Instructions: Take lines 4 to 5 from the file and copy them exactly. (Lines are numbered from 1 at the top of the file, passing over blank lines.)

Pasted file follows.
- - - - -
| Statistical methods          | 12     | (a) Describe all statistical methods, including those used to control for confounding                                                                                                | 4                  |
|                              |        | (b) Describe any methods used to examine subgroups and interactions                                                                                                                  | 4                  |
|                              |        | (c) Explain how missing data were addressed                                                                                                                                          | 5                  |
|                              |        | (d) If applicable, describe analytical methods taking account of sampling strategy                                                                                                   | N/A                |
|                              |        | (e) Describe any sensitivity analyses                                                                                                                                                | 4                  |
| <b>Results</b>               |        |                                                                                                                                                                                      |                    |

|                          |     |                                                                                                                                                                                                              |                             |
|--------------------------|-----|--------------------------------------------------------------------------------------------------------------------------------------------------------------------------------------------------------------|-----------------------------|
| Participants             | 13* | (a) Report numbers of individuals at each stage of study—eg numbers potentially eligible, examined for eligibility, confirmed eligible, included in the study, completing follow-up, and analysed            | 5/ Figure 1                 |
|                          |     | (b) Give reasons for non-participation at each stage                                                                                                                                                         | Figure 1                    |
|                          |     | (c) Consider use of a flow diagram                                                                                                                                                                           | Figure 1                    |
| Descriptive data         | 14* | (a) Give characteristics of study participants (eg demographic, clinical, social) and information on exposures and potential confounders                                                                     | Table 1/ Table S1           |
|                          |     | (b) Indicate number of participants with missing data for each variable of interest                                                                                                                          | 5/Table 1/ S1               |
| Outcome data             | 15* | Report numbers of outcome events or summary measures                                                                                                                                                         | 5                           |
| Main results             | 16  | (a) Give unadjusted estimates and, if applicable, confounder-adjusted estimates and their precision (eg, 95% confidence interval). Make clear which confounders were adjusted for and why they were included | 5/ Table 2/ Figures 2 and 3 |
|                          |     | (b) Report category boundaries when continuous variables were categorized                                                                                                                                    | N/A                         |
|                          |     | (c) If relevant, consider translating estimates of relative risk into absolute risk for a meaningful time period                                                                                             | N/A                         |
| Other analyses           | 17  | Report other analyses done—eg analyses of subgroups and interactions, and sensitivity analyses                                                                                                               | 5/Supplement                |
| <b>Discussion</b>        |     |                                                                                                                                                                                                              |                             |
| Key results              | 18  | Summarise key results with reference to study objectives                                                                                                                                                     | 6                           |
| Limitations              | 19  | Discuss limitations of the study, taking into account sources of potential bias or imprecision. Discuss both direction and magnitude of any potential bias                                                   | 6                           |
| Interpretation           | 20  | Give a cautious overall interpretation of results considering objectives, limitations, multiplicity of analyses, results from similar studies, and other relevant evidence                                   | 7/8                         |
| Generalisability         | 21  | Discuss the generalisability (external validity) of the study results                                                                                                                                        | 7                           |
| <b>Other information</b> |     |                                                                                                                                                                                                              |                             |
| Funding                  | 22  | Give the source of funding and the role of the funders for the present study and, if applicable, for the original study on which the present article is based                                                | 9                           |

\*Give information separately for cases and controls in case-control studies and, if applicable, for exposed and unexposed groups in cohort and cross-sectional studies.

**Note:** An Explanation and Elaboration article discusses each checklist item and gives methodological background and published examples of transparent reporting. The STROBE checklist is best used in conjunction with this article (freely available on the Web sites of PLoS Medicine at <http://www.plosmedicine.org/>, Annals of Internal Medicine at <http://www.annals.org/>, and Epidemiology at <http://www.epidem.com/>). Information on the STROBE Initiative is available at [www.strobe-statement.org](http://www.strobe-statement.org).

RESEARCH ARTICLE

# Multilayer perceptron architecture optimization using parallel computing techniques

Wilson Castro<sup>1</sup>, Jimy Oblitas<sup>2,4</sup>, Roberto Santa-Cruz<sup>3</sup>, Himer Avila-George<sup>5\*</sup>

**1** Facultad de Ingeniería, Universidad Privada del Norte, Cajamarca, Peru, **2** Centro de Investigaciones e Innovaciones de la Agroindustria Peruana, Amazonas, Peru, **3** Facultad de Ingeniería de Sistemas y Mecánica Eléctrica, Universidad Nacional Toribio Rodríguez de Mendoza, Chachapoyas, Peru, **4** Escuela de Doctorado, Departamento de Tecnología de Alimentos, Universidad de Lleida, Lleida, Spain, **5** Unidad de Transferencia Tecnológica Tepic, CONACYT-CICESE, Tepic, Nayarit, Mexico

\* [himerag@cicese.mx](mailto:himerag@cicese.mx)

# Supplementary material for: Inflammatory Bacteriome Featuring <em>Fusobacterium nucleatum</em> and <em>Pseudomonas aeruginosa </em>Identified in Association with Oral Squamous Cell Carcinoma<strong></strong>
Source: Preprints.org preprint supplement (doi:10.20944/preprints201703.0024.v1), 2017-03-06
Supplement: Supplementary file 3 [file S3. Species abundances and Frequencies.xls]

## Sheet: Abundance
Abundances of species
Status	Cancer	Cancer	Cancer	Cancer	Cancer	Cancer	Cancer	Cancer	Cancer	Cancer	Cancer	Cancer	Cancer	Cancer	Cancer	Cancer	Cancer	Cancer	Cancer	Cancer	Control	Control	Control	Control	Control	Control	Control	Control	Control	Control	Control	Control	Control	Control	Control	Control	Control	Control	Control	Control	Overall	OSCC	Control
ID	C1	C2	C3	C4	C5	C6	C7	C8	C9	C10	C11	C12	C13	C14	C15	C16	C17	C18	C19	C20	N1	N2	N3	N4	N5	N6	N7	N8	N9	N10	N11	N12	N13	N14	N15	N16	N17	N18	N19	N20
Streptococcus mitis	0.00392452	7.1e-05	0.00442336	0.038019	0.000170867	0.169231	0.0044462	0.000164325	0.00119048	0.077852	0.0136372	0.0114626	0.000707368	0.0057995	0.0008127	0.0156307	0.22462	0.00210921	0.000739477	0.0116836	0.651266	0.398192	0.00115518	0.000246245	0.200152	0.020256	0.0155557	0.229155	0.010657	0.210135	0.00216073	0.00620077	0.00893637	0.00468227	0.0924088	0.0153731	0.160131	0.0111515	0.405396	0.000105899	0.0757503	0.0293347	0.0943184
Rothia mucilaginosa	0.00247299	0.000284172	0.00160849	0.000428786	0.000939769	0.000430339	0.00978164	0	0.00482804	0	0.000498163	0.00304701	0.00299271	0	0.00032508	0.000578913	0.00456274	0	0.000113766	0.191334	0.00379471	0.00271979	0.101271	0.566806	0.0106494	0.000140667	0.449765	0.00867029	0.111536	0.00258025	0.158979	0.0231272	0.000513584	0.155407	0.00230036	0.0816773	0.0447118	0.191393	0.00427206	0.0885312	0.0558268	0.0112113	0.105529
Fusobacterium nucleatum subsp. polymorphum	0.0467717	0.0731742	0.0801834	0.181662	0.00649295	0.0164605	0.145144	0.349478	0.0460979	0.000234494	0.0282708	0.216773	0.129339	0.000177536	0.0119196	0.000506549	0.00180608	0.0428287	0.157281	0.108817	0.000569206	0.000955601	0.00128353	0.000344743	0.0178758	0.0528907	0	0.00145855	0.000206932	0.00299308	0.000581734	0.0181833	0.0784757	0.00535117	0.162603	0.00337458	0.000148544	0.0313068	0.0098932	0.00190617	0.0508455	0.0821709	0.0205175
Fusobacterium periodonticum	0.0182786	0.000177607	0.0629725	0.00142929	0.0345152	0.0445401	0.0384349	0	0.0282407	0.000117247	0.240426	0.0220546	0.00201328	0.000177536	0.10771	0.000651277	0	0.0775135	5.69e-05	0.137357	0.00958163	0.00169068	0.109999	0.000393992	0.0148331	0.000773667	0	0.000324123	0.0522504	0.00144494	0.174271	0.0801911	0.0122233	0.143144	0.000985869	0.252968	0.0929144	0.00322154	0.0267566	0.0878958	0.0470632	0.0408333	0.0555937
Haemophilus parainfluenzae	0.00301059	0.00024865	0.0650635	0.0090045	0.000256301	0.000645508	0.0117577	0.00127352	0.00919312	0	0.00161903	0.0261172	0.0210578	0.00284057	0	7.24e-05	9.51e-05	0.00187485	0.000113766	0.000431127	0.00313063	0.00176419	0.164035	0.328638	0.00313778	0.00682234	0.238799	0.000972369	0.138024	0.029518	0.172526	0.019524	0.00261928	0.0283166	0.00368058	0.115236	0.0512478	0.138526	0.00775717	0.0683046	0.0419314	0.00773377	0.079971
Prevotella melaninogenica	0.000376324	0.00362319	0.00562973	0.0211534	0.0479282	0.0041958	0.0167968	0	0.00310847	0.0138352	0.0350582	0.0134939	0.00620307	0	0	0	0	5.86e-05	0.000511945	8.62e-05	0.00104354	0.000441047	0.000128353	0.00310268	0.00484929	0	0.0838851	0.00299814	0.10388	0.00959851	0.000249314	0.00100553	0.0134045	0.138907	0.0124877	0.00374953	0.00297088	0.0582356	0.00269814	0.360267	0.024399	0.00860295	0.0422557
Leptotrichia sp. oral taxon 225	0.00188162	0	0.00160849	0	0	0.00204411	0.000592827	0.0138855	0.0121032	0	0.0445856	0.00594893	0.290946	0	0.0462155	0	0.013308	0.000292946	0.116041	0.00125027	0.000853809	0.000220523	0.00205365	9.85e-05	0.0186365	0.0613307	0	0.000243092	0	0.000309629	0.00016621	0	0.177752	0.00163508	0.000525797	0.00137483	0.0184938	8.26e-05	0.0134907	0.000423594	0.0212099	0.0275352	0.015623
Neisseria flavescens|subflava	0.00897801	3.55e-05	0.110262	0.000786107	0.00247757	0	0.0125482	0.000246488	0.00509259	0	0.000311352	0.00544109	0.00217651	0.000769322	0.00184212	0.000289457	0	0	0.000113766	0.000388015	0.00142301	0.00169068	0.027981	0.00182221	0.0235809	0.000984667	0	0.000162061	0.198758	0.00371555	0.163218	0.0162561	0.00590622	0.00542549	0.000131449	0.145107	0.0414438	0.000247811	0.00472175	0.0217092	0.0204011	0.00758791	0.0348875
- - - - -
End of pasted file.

|                              |        | (d) If applicable, describe analytical methods taking account of sampling strategy                                                                                                   | N/A                |
|                              |        | (e) Describe any sensitivity analyses                                                                                                                                                | 4                  |